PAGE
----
Highway sound barrier

State departments of transportation across of the country are looking at new and better ways to predict traffic noise levels, as well new materials for highway sound barriers, in order to reduce the overall cost of noise abatement efforts.

[Photo courtesy of the Missouri Department of Transportation.

This second of a two-part series on state DOT noise abatement strategies examines some of the research state DOTs are conducting to find more cost-effective and innovative designs and materials to mitigate the high levels of roadway noise: everything from using less expensive materials or smaller barriers to designing duel use barriers such as vegetation walls and solar panels.

Traditionally, sound wall barriers are pre-cast or cast-in-place concrete sections. However, several different types of materials have been in use since the beginning of sound barrier construction in the 1960s. The latest noise barrier inventory – maintained by the Federal Highway Administration –indicates barriers constructed with a single material make up 84% percent of all noise barriers. Furthermore:

  • Concrete comprises 55 percent of those barriers.
  • Block represents 18 percent of those barriers.
  • Wood comprises 5 percent of those barriers.
  • Metal, berm, and brick together account for another 5 percent of single material barriers.
  • “Other” materials comprise the final 1 percent of those barriers, including acrylic, composite, fiberglass, glass, opaque plastic, and transparent plastic.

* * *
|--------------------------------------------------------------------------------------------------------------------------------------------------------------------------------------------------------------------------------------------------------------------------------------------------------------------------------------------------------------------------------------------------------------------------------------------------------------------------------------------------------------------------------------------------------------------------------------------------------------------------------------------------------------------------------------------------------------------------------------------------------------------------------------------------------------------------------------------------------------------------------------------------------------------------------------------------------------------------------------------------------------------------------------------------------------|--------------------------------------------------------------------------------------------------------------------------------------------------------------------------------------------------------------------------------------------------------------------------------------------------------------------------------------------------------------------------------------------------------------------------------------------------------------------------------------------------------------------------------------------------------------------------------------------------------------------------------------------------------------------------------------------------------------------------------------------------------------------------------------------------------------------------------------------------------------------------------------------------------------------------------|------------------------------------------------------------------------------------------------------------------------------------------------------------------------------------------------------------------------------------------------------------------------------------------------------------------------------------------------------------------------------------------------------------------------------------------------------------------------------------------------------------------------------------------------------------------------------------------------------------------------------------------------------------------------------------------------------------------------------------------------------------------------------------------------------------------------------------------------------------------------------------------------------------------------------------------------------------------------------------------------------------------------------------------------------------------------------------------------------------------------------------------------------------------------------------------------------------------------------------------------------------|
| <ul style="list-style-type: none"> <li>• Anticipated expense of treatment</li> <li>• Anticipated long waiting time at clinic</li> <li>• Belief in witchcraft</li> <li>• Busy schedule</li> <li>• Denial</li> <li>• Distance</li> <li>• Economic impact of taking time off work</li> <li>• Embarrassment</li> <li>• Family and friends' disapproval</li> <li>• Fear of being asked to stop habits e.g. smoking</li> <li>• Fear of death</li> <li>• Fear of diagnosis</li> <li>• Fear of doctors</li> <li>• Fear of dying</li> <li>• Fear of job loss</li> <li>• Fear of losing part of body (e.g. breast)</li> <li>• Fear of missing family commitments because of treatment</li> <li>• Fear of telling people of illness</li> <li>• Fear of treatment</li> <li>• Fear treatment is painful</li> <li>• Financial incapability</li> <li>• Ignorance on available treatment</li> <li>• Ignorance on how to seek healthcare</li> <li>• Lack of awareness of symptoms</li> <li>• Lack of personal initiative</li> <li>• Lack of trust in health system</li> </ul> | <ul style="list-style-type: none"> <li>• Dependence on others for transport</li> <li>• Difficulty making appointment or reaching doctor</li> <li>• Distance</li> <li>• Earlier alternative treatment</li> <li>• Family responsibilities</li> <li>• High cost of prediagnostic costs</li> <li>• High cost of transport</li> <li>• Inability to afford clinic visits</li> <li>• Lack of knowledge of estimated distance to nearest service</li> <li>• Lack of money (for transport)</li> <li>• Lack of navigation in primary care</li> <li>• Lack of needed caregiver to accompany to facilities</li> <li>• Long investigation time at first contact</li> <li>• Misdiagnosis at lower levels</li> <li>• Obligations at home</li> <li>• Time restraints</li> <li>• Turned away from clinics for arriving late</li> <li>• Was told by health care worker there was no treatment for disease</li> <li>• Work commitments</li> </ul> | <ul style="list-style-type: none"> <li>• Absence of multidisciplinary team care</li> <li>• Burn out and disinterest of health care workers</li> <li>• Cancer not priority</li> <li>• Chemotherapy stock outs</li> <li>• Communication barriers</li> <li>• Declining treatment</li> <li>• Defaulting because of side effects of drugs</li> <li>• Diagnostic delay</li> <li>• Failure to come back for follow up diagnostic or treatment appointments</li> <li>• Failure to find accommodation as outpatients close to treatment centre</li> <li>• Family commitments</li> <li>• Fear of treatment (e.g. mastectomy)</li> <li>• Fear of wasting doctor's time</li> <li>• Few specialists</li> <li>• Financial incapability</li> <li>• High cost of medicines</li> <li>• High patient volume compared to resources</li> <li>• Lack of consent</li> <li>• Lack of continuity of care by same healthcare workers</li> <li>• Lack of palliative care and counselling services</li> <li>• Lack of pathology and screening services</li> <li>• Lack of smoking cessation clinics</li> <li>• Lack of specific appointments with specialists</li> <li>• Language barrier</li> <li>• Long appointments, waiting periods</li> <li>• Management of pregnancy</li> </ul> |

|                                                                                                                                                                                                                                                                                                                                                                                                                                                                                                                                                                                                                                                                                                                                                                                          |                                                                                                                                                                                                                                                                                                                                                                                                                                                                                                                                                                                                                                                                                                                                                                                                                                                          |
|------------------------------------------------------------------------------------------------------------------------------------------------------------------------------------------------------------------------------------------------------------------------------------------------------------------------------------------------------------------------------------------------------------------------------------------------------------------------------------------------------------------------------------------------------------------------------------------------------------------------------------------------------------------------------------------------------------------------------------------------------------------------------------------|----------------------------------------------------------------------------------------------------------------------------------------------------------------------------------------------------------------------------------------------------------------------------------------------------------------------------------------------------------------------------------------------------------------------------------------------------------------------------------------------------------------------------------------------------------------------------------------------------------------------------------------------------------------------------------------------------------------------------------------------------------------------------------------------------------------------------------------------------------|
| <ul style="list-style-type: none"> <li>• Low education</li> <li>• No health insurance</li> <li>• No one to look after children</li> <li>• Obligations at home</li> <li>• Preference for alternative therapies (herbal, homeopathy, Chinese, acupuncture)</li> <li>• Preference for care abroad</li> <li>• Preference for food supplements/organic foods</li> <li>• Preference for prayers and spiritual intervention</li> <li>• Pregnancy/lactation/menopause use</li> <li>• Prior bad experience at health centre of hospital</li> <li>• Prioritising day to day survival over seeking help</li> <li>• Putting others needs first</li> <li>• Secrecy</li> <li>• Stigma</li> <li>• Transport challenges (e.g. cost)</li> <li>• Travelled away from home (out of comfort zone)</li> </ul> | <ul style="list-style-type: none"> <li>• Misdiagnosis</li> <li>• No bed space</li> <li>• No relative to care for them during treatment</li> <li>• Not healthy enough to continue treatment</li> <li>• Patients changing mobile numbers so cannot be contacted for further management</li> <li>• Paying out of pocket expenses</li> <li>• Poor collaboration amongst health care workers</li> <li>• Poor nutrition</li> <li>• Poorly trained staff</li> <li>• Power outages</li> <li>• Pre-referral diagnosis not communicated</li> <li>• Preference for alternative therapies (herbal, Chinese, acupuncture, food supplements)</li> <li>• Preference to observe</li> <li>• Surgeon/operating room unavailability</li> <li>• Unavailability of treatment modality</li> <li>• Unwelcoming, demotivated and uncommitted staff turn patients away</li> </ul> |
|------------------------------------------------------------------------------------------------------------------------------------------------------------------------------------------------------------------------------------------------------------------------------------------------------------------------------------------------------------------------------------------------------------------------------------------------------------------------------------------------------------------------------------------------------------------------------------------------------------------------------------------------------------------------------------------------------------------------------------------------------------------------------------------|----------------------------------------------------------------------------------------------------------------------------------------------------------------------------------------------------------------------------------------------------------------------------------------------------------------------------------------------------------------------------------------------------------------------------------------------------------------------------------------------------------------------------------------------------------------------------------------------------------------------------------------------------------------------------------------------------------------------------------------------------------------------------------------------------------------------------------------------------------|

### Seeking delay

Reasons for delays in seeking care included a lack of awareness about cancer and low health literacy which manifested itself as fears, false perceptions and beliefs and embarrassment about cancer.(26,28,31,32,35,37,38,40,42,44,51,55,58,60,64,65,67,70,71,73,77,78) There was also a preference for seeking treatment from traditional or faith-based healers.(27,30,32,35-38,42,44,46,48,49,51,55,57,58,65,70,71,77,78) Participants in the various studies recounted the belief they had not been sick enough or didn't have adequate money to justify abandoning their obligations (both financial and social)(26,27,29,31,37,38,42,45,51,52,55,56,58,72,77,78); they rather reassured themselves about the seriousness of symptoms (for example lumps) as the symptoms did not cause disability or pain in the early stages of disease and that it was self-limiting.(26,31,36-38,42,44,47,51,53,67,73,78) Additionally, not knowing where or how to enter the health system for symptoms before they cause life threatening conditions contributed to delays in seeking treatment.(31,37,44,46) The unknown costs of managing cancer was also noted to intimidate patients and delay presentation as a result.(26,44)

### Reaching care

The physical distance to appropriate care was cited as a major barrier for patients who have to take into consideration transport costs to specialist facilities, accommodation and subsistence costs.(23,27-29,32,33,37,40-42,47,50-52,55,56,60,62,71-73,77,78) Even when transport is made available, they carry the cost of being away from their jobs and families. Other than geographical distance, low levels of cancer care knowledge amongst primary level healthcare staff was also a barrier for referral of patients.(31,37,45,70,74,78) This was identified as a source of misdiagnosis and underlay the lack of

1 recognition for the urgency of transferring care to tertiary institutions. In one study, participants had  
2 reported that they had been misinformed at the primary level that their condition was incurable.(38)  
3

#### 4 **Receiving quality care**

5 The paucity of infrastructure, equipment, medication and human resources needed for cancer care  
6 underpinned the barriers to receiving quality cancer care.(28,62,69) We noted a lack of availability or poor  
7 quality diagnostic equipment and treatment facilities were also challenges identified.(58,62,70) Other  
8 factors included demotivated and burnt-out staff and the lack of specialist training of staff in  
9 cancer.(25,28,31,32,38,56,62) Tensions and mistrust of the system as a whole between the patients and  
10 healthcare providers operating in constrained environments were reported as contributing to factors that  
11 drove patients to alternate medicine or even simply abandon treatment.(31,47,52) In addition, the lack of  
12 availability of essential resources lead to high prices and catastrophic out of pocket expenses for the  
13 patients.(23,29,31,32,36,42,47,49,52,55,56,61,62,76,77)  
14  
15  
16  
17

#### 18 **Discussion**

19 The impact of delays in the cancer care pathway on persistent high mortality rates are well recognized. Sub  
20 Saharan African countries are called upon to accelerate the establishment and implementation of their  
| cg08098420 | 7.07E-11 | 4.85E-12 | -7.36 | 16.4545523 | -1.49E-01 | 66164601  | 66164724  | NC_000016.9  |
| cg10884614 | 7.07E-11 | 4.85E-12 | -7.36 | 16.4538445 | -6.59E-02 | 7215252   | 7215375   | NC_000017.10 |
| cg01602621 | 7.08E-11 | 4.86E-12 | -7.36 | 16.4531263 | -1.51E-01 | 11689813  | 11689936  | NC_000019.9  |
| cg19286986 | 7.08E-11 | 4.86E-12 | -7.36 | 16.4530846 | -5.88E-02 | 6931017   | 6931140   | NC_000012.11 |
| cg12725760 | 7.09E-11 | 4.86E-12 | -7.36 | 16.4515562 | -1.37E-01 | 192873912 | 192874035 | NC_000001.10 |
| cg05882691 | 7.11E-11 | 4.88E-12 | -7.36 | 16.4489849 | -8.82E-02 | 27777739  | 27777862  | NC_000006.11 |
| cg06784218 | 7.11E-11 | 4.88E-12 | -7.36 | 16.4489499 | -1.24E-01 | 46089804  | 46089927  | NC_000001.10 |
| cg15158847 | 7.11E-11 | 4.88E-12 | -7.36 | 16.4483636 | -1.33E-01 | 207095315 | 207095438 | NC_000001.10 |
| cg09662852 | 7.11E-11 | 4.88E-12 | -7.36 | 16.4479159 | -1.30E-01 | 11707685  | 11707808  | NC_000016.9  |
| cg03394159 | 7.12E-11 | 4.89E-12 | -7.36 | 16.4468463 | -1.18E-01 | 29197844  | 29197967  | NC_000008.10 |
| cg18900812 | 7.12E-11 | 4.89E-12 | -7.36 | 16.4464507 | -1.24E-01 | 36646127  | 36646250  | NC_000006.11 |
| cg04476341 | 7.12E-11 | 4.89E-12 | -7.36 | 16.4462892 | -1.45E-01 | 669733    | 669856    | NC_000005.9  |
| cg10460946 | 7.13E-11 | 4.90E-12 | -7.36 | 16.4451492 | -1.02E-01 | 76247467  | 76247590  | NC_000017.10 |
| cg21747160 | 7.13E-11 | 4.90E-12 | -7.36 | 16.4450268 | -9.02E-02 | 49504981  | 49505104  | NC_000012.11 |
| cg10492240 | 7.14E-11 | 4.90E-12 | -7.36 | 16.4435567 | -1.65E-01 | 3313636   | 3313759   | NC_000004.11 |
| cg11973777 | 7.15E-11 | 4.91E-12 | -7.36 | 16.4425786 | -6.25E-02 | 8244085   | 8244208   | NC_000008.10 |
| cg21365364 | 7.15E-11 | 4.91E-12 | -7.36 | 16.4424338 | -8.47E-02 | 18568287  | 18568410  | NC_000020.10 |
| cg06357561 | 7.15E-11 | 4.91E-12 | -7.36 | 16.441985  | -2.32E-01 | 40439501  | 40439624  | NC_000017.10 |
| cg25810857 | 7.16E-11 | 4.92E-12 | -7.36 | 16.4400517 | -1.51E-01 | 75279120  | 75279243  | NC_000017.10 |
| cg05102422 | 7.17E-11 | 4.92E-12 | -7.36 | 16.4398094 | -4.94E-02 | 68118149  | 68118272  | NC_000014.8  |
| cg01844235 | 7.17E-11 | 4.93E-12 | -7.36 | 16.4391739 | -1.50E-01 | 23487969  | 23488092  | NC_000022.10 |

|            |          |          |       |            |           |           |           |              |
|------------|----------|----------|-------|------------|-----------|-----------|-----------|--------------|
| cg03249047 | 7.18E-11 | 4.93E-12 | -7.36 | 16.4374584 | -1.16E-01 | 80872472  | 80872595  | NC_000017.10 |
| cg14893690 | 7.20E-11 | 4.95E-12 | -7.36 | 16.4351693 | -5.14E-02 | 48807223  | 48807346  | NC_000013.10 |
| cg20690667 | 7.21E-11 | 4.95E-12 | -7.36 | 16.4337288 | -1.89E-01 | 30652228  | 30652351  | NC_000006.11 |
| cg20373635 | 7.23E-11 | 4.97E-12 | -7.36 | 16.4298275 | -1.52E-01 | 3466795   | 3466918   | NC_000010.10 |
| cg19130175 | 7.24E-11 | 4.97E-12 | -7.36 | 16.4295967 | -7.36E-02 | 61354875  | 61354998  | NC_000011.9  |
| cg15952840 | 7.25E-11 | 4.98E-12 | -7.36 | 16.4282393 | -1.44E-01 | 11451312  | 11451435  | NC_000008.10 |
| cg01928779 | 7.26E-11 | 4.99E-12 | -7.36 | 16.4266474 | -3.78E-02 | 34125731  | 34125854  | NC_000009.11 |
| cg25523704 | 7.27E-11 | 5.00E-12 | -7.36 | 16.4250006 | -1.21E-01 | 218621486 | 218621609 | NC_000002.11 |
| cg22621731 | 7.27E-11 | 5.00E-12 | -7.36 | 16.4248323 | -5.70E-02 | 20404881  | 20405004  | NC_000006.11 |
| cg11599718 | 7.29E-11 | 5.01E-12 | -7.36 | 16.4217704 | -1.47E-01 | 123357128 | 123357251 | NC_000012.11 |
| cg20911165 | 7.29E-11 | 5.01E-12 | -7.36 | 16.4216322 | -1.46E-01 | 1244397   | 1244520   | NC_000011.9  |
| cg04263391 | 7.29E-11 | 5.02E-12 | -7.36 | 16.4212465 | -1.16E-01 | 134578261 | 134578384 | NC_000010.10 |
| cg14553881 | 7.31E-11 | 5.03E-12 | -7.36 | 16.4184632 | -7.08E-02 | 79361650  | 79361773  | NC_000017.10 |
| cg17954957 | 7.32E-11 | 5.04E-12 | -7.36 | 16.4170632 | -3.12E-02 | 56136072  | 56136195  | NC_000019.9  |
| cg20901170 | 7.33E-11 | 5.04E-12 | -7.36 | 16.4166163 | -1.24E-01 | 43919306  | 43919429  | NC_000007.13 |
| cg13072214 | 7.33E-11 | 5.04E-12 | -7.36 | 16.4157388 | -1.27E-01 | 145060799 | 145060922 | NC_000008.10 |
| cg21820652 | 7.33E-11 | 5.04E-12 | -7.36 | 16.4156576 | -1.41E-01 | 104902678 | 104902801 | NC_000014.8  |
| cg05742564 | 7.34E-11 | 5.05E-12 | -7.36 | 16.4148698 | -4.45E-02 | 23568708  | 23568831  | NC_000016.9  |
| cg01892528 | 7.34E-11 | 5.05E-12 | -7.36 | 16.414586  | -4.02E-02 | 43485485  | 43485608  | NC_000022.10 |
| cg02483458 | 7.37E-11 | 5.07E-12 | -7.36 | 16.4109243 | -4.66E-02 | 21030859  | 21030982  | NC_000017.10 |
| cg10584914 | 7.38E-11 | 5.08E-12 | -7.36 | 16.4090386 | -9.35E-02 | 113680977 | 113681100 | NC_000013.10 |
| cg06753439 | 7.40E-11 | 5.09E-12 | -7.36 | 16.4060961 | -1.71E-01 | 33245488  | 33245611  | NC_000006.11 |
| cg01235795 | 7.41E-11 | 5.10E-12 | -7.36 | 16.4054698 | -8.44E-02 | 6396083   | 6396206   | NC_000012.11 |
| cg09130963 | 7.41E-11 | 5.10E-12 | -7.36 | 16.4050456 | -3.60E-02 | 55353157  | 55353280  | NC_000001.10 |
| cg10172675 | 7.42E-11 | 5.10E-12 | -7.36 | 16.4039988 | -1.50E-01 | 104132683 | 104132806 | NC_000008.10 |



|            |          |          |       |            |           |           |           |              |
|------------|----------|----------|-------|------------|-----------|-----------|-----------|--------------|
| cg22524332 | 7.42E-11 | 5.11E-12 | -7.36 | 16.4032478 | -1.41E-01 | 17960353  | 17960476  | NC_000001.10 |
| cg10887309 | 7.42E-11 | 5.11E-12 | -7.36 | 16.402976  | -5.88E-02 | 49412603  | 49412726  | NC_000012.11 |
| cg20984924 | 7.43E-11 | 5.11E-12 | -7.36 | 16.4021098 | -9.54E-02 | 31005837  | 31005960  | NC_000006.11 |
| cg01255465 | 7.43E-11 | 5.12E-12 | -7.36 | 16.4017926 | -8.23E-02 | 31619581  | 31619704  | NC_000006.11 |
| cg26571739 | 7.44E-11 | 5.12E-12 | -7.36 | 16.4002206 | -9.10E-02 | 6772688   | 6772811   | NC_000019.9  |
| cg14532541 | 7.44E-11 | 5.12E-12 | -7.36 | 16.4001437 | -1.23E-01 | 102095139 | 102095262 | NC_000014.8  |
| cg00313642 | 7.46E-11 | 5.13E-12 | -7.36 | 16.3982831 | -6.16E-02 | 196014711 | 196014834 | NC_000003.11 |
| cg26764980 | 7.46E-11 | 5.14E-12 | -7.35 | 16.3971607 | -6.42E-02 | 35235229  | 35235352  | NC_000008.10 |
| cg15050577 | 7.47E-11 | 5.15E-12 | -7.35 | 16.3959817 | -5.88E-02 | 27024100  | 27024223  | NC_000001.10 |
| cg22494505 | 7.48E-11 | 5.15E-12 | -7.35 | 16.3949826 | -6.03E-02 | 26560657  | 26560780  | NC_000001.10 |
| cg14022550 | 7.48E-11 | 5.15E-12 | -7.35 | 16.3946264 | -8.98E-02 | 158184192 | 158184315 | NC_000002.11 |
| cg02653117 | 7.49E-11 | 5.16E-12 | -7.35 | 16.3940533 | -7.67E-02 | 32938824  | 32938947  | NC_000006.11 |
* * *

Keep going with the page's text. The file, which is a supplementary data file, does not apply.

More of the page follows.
There are noise walls designed with absorptive material to absorb sound, but the majority are built to deflect sound. Barrier analysis and design must meet the requirements of federal regulation 23 CFR 772 for all federally funded projects.

The Ohio Department of Transportation is in the start-up phase of a research project expected to begin January 2021 to look at the effectiveness of vinyl fence as a noise barrier as opposed to the now-standard concrete barriers.  The project involves constructing two 8-foot tall vinyl fences at two different locations, testing them for noise reductions, and comparing the reductions to nearby concrete noise walls.

Graphic courtesy of the California Department of Transportation

The Ohio DOT plans to use readily available vinyl fence materials that already have specifications available – indeed, one type of fence earmarked for testing is available at the local Home Depot.

Noel Alcala, the noise and air quality coordinator at the Ohio Department of Transportation and noise workgroup coordinator on behalf of the American Association of State Highway and Transportation Officials, explained in an interview that while vinyl is a lot less durable overall than concrete, it is “a lot less expensive and we have an indication that the noise reduction will be very noticeable.”

The Ohio DOT is also studying the feasibility of using vegetation growing on noise walls as both a sound absorber and an air quality improvement and plans to complete a report on that effort by the end of 2020. That effort – based on research conducted in 2010 – looked at a 400-foot long section of “green noise wall.” That wall consisted of a 12-foot-high section of stacked, 70-pound bags sprouting plants and grass as a way to muffle highway sound.